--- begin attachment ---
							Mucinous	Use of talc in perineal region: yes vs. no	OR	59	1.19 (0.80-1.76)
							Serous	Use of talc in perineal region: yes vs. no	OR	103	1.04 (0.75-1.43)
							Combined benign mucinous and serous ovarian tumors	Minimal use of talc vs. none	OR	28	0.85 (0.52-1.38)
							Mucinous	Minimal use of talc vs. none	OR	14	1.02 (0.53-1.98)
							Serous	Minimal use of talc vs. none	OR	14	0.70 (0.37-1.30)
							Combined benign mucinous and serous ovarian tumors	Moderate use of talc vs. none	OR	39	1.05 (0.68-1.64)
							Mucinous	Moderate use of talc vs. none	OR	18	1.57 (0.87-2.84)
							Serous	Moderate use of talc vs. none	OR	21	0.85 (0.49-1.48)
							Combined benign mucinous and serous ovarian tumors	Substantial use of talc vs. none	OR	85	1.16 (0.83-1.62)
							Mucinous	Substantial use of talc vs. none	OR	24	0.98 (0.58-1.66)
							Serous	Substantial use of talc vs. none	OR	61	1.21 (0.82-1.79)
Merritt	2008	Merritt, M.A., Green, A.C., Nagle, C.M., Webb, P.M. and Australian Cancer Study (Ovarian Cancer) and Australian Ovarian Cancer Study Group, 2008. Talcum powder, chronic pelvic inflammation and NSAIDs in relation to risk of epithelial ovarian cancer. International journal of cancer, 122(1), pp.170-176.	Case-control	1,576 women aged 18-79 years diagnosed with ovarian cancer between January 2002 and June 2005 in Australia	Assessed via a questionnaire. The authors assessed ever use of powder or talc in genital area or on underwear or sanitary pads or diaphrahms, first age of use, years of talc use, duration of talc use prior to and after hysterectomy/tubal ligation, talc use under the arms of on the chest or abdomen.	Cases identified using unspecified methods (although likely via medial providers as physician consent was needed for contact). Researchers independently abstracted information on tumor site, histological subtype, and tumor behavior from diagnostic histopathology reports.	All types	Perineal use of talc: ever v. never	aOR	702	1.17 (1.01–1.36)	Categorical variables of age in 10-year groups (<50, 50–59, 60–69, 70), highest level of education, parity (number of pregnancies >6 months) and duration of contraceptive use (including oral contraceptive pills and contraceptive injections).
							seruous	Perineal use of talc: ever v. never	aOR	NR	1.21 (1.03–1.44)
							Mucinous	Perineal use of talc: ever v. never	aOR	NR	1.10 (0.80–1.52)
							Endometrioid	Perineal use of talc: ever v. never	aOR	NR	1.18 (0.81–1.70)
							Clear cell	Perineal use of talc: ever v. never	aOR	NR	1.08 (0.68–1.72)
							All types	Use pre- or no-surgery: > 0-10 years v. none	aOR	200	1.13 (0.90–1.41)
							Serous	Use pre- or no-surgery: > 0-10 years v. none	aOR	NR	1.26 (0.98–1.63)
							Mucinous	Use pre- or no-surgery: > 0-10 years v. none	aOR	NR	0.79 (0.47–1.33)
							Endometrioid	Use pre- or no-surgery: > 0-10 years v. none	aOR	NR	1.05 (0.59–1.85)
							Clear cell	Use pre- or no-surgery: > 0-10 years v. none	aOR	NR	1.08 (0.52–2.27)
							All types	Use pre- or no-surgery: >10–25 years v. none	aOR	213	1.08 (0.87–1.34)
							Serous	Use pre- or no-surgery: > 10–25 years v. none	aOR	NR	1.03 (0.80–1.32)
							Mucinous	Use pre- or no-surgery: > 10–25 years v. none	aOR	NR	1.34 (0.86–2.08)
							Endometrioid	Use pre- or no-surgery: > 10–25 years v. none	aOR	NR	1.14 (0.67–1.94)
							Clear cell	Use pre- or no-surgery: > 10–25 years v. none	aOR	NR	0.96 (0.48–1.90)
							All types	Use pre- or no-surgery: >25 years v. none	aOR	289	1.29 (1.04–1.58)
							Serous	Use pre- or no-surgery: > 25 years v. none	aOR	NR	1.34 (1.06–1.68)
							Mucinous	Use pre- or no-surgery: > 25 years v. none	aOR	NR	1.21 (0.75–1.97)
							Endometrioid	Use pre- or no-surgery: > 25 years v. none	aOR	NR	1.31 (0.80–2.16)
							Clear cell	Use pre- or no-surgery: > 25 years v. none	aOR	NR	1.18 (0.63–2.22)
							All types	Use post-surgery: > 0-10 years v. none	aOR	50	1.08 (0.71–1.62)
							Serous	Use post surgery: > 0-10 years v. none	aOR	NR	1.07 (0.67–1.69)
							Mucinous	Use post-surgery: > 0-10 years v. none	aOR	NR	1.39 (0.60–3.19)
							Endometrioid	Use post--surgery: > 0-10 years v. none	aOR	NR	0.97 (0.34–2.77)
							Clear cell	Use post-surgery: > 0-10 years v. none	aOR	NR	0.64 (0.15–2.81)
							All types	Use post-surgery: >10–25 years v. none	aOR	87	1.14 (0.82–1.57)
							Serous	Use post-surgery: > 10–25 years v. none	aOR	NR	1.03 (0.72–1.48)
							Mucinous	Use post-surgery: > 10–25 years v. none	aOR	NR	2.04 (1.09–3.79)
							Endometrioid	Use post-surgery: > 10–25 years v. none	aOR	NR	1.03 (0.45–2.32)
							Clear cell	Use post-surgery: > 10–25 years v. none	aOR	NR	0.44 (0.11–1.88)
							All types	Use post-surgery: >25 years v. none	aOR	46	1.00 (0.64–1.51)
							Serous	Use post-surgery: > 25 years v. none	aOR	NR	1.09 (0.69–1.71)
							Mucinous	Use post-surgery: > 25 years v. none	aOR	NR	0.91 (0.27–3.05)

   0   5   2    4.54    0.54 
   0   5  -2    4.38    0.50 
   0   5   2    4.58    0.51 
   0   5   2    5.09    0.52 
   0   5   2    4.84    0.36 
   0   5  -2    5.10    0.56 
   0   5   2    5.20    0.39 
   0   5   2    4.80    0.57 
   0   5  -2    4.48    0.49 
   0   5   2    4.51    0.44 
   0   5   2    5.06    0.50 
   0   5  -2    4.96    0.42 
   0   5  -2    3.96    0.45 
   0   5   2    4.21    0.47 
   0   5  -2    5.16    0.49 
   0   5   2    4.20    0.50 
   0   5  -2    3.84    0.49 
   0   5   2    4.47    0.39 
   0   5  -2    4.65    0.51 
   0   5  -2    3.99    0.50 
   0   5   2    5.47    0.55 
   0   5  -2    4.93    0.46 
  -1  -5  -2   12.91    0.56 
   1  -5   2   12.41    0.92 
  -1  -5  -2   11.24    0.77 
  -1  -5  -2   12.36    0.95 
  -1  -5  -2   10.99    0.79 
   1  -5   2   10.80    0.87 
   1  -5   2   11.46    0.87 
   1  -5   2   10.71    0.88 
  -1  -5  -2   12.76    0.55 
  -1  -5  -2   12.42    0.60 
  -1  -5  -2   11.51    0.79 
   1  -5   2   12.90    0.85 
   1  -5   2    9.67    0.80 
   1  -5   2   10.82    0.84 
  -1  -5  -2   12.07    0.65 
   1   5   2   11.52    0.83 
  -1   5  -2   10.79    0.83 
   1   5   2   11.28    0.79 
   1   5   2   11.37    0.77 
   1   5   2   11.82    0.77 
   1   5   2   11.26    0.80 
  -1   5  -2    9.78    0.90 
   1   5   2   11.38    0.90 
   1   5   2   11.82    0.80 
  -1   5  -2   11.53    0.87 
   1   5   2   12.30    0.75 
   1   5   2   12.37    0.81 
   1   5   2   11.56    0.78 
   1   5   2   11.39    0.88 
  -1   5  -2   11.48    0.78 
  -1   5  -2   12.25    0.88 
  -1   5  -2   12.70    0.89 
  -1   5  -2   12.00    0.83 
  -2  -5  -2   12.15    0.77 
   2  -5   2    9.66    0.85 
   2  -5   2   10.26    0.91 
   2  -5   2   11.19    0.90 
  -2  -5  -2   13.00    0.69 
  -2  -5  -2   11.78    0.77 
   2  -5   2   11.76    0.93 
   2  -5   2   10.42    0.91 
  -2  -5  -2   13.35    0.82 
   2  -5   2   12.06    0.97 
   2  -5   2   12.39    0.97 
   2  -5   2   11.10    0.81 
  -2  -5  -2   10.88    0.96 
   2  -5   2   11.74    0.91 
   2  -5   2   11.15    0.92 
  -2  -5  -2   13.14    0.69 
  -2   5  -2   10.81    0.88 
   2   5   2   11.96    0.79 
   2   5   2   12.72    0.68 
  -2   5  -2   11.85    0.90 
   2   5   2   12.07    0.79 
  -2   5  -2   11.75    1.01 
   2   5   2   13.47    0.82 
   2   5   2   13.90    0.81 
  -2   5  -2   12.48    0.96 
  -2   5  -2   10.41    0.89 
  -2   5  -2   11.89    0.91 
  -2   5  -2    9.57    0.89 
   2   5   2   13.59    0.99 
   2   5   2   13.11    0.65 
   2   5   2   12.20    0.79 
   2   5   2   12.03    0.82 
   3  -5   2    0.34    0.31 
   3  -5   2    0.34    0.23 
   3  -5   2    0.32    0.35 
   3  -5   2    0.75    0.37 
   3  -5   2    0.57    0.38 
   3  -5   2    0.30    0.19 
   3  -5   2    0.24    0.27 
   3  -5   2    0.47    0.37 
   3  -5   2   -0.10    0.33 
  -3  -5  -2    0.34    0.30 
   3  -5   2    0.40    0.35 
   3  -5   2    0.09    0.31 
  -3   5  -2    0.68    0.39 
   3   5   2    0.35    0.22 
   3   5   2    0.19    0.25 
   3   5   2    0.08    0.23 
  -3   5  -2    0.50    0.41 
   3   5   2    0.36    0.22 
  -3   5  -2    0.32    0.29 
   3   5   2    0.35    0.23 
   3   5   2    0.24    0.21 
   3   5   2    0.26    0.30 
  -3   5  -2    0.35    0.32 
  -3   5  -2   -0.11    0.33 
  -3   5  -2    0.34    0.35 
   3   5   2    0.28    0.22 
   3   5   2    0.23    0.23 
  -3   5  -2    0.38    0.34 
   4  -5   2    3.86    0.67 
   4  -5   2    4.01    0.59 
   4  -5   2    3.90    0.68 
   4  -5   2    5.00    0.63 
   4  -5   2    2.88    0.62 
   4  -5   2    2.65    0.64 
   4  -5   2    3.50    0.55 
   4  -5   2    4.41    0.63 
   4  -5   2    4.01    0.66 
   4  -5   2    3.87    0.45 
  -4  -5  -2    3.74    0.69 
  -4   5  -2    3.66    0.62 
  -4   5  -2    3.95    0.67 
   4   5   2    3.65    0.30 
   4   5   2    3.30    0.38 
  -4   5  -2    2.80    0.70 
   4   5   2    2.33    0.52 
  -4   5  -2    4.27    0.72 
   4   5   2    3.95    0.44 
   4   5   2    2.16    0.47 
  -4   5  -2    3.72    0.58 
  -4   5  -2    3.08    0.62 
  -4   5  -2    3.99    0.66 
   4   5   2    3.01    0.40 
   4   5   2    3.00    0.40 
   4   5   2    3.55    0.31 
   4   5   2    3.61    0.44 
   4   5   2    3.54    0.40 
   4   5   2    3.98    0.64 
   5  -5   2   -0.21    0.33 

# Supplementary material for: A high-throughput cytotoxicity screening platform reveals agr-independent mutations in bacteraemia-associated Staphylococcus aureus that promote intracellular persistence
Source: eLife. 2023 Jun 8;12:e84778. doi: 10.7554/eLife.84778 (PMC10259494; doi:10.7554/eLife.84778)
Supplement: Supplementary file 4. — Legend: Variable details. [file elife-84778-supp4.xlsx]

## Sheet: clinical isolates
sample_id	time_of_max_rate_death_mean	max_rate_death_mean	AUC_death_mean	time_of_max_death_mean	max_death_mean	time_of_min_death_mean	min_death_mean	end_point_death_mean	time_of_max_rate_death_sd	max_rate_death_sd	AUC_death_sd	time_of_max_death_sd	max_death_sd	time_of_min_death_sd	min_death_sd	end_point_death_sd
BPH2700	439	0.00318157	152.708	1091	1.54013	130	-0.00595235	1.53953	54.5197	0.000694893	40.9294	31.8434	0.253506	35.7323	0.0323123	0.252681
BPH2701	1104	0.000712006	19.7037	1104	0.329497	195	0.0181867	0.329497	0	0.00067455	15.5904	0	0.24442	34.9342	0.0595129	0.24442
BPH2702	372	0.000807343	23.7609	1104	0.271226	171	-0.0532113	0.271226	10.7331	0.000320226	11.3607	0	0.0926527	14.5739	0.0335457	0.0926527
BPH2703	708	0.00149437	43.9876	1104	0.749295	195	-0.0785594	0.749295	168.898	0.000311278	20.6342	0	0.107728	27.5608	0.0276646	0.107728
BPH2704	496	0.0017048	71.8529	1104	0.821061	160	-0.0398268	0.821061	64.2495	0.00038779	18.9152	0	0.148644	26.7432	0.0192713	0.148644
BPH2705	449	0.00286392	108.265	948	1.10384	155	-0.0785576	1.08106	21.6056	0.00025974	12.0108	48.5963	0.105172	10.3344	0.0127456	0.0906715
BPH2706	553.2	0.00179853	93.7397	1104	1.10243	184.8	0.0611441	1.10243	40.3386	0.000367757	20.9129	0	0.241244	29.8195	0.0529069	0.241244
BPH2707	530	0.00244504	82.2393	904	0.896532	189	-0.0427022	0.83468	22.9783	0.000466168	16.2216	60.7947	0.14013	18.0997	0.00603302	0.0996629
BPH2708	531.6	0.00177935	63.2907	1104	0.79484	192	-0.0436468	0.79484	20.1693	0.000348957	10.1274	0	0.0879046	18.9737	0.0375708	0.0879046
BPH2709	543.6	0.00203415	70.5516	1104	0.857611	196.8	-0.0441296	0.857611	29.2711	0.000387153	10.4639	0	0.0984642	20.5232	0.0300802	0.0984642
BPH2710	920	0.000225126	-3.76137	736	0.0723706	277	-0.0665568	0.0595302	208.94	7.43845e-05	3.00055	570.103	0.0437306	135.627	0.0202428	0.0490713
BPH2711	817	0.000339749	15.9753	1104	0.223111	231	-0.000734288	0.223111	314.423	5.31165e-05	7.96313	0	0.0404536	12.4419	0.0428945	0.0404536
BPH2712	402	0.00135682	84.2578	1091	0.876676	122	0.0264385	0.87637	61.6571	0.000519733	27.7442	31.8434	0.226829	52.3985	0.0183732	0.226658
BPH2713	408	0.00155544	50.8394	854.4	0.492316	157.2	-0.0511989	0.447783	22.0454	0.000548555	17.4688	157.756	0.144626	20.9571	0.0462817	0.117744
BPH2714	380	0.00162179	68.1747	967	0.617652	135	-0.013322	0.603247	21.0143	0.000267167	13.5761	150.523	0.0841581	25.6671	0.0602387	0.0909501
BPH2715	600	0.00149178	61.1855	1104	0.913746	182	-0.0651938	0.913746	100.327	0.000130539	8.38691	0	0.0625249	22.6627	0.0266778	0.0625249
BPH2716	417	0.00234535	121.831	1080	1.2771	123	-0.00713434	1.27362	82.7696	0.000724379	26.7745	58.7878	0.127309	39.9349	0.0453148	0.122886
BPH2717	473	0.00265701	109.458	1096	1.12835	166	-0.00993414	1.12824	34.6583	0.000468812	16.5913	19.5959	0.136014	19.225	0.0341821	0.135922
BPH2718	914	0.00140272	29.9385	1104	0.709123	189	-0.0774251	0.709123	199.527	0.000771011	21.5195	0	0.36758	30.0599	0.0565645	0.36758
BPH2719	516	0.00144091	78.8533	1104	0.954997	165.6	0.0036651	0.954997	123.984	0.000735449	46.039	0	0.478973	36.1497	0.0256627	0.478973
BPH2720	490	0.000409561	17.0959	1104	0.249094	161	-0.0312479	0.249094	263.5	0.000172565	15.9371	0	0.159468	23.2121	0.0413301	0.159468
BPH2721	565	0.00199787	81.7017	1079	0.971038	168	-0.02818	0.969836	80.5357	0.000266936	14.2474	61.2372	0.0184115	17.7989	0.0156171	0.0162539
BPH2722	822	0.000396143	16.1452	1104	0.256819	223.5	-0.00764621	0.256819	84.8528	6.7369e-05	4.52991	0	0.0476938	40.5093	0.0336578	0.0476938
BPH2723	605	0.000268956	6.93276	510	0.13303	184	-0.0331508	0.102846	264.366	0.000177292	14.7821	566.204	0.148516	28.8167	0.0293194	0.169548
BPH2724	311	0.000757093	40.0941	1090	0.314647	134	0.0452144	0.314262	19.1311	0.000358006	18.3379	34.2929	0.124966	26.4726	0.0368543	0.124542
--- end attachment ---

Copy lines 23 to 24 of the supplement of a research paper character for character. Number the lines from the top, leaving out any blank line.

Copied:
							Serous	Use pre- or no-surgery: > 10–25 years v. none	aOR	NR	1.03 (0.80–1.32)
							Mucinous	Use pre- or no-surgery: > 10–25 years v. none	aOR	NR	1.34 (0.86–2.08)